With subsidies starting to wither away and module prices falling, opportunities for solar energy storage systems appear to be growing. As they say, as one door shuts – or several as may be the case – another one opens
A report Solar Storage 2013 published this month by market intelligence company NanoMarkets forecasted that the global solar energy storage systems market will be worth US$2 billion by 2018 — a “conservative estimate” believes Dr Eicke Weber, who has recently been appointed President of the newly established German Energy Storage Association.
According to NanoMarkets, the falling costs of PV modules and declining subsidies, most notably the reduction of feed-in tariffs (FiTs), are playing a key role in driving growth in the solar energy storage market. As subsidies are reduced, self-consumption of solar power becomes more valuable than exporting, therefore, storing becomes a much more attractive option. These trends will lead to rapidly growing solar storage demand from small businesses and residential PV users in the immediate future, NanoMarkets believes.
This view is shared by Roland Hengerer, Technology Development Manager at manufacturer Trina Solar. Speaking to PV-Tech, Hengerer says: “The fact solar subsidies are being phased out in most countries now and countries like Germany now have grid parity means that the PV panels are cheaper than grid electricity. That means that we have storage [opportunities] where the cost is lower than the difference between the PV electricity price and the price of the grid electricity.”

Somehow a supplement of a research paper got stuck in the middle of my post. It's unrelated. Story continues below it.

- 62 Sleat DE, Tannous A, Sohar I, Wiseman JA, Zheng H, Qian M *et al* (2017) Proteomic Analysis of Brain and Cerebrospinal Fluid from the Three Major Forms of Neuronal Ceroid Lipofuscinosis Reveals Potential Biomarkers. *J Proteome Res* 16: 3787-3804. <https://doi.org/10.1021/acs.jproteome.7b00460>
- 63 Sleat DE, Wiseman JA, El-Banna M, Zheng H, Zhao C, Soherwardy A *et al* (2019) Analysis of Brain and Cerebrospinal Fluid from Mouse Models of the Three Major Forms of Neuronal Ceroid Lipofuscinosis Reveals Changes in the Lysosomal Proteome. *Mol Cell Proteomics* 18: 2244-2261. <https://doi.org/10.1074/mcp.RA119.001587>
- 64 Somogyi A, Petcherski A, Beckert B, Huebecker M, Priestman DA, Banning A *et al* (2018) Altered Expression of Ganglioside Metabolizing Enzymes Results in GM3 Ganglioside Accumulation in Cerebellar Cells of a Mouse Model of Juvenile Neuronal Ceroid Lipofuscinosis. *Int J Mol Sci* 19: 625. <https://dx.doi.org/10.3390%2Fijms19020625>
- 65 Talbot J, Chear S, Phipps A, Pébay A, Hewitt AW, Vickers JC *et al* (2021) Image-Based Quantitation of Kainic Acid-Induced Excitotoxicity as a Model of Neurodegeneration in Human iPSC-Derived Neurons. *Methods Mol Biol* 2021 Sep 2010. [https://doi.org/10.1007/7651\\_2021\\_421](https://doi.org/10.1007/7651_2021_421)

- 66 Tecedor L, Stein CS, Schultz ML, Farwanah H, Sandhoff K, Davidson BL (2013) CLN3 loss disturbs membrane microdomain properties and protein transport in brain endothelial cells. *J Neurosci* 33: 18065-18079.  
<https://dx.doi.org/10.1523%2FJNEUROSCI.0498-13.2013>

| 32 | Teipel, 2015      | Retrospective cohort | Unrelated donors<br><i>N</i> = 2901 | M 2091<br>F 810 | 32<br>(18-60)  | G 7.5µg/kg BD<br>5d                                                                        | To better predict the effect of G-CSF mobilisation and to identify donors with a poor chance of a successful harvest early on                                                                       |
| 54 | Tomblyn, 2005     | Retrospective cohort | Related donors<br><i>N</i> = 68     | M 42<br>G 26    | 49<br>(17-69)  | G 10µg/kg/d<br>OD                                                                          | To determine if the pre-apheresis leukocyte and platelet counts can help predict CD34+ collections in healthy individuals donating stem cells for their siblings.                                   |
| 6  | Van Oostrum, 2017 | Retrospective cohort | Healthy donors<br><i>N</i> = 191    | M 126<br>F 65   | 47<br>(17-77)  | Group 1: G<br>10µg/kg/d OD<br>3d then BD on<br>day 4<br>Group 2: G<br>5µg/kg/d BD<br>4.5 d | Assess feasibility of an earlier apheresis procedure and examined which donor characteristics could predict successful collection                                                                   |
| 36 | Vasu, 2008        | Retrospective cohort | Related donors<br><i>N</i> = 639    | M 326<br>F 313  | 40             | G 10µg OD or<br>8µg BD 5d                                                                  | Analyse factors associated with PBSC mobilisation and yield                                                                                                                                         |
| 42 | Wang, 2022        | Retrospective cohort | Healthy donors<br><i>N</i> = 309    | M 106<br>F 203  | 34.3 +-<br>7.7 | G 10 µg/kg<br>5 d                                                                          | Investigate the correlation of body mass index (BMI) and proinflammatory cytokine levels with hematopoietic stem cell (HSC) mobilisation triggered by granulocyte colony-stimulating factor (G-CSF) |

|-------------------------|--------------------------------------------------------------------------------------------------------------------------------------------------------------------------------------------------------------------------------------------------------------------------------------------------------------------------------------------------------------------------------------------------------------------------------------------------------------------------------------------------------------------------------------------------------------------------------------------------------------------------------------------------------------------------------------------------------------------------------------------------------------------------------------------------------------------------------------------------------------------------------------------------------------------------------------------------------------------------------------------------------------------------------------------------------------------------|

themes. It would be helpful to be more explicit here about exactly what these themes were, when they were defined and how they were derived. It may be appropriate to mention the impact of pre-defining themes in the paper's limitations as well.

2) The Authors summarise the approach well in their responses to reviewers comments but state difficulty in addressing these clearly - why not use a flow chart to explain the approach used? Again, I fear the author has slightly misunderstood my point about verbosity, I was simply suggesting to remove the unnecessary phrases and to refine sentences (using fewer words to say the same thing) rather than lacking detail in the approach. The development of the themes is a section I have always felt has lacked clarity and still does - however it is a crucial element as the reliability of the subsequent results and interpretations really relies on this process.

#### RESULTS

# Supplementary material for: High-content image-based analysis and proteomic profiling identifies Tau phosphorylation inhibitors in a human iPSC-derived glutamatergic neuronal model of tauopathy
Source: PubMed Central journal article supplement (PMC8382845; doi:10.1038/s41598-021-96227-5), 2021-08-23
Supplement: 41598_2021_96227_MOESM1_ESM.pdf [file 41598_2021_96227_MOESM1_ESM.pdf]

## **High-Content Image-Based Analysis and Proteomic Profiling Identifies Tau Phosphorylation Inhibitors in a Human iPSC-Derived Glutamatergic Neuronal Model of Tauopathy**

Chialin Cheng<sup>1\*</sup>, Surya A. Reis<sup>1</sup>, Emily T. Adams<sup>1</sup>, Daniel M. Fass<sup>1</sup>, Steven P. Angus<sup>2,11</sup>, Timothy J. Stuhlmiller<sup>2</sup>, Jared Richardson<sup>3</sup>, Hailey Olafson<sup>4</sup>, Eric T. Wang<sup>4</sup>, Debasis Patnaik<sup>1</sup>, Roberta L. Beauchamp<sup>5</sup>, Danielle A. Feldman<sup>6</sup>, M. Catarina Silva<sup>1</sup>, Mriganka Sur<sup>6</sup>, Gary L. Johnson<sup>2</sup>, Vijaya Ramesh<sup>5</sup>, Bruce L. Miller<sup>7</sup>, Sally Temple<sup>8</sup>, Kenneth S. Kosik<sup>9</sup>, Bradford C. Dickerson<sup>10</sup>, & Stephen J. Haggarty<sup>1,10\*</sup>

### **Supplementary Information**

However, Hengerer believes that for the energy storage market to really take off, costs of storage need to be lowered. This is because electricity prices have remained high in Germany, meaning businesses have been struggling to sell storage systems along with PV systems.
Weber agrees: “The key to rapid growth of the storage market will be rapid cost degression and efficiency increase of battery systems. Today, the lead-acid battery still is the lowest cost domestic storage technology, but in a few years we do expect more modern battery systems to become cost competitive, as they are already today in the mobile market where weight is a key factor.”
Germany leading the way in Europe
Paving the way in Europe is Germany. The country recently announced the formation of a new German Energy Storage Association, and in the next few weeks is set to launch a new federal incentive scheme for energy storage systems. Although the finer details of the scheme have not yet been revealed, observers expect it to begin shaping the future energy storage market.
Rumours in the industry suggest that the scheme, which will be applied to residential storage systems, will be focused on the battery storage element of newly installed PV systems.
According to Professor Peter Droege, President of Eurosolar, the European Association of Renewable Energy, the imminent incentive scheme “is only a signal now”, but has already had a strong effect in boosting interest in the whole area of energy storage. “Clearly, that signal is important particularly to larger and also medium size industry participants and players to engage in a growth curve in which otherwise wouldn’t perhaps have happened,” he says.
Hengerer points out that because the incentive scheme is only likely to come to a small amount, its main impact will be to give some early impetus to new market. “They’re talking about €50 million maybe. Every system will get €2,500 as a kind of credit subsidy so we’re talking about 20,000 systems,” he says. “So it’s a small number and nothing comparable to the overall PV market but it might be big enough to at least keep this young market alive and to keep people working on the technology.